Re: Peer Review Reform Hypothesis-Testing

From: Donald Klein <>
Date: Sat, 23 Nov 2002 15:07:26 +0000

research evaluation in terms of citations and impact is one valuable
approach. it's a type of productivity analysis. however certain important
published observations lie fallow for many years because of their

another complementary research evaluative procedure would be pedigree
analysis in terms of number, quality and originality of productive

a frequent biographical statement by scientists is that at some early
career point they had an apprentice relationship to a mentor who provided
some combination of role model, resources, critical approach, creative
bent, substantive knowledge, work habits, etc etc that paid off in
generating a productive independent scientist. such pedigrees are open
to reliable independent evaluation (that's testable). fostering productive
mentorship is a complementary goal.

the reliability of grant peer review is little known but is probably
dismal. peer review validity could be tested by using current methods but
also randomly (double blind) funding non-approved grants and measuring
outcomes -- blind to funding -- five and ten years later. its not likely
that our granting agencies will self evaluate for validity. when i was
senior scientific advisor to ADAMHA this suggestion was laughed down.

as an alternative, productive mentors can be objectively discerned and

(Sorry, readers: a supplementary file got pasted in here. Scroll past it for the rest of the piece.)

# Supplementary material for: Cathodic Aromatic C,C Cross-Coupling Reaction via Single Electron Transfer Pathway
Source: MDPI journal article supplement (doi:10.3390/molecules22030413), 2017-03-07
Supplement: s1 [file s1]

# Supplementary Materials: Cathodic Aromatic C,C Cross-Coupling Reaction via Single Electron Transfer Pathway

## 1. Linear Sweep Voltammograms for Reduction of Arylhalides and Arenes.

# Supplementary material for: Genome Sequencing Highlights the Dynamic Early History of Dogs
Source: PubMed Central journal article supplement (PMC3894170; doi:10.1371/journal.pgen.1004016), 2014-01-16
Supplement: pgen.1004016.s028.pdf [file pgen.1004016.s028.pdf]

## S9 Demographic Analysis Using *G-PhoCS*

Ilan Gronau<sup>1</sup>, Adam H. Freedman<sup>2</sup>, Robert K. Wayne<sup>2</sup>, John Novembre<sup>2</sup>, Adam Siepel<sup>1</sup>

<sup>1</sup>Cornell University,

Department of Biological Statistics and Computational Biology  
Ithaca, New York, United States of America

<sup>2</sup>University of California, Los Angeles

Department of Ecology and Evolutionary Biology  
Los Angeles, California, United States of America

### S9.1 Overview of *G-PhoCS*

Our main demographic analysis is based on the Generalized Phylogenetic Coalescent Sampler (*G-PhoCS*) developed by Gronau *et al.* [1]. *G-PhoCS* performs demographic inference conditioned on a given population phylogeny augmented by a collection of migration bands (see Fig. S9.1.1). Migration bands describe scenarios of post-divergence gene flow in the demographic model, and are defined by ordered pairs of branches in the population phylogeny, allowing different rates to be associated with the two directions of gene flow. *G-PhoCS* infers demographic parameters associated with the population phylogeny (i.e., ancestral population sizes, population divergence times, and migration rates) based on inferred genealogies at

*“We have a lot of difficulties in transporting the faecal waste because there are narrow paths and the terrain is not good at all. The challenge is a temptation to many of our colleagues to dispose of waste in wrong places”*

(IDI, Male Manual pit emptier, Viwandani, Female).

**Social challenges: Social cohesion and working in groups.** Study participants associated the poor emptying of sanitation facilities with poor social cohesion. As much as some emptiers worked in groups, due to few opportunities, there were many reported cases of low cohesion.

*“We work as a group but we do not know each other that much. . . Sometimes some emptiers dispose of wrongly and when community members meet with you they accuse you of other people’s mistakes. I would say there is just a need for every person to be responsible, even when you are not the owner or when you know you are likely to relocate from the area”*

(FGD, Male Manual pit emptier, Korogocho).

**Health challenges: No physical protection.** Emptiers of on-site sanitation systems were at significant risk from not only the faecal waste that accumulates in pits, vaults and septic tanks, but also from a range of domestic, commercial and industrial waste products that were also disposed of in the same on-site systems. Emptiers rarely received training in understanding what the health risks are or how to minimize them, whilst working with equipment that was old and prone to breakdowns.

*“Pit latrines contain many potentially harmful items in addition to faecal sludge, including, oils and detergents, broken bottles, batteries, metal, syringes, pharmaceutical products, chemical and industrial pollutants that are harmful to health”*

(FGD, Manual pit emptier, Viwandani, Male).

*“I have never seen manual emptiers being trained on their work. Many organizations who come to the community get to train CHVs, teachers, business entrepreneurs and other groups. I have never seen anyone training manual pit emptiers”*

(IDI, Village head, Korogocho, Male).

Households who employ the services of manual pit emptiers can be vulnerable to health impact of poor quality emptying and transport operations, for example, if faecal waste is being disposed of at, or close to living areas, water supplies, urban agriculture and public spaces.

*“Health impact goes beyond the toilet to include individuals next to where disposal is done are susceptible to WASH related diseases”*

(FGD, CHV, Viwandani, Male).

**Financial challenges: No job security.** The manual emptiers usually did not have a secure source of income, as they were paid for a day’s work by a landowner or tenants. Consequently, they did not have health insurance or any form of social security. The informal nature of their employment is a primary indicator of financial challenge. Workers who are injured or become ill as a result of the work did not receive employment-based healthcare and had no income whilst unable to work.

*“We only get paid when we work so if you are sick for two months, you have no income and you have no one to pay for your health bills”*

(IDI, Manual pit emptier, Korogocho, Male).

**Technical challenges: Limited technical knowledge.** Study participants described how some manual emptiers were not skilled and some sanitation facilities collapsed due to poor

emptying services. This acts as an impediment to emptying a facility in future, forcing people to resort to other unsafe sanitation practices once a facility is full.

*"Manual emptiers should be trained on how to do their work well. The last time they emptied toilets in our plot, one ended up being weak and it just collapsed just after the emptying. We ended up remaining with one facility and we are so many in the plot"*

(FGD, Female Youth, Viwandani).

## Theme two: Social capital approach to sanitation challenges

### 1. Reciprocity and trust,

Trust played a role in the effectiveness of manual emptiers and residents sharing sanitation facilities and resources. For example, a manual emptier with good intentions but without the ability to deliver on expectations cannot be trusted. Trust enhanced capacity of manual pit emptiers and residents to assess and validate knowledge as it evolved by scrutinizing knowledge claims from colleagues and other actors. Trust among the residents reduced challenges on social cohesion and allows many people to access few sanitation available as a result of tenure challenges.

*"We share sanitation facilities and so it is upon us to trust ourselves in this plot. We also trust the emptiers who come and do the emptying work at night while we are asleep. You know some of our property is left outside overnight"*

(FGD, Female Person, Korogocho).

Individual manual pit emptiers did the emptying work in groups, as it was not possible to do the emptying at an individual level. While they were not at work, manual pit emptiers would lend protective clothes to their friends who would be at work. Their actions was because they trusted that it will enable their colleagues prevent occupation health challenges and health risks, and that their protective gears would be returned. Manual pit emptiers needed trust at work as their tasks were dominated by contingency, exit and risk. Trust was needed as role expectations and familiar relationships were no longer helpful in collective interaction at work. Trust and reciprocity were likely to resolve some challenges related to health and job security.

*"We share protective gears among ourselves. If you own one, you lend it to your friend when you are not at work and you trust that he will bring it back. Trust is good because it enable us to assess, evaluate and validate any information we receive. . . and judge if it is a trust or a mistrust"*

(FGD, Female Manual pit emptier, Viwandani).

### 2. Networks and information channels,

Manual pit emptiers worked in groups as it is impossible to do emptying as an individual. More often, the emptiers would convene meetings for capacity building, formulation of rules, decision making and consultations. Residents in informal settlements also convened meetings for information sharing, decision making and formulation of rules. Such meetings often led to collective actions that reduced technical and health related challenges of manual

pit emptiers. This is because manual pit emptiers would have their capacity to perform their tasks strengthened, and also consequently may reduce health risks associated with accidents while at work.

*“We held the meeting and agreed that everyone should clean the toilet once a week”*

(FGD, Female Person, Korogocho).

granted substantial funds to support their supervised trainees and trainee
studies (and to support themselves for supervisory work), without the time
wasting and originality inhibiting formalisms of project grant production.

mentors' judgements are probably far superior to "grant peer reviewers"
who are often in competitive (ideological/theoretical more than economic)
relationships -- this conflict of interest is regularly ignore -- and
often are not really peers.

grantsmanship consists in producing the most innocuous of documents since
originality is always both dicey and contentious. exhortations to grant
reviewers to support originality regularly fail. perhaps using mentors
with a demonstrated ability for original work to support juniors might
do better. it's testable.

further continued productivity, personal and via trainees, can be
estimated from factual observations rather than unreliable estimates
of the value of future research. therefore such grants do not have to
be sinecures -- perhaps run for 10 years (renewable). institutions that
attract and support such scientists should be granted funds for central
scientific resources.

mentoring is not everybody's abilty or interest -- nor is it essential
to being a productive scientist -- but it's an underrecognized important
talent that could be a sparkplug for scientific growth

Donald F. Klein
Professor of Psychiatry
Columbia University
Received on Sat Nov 23 2002 - 15:07:26 GMT

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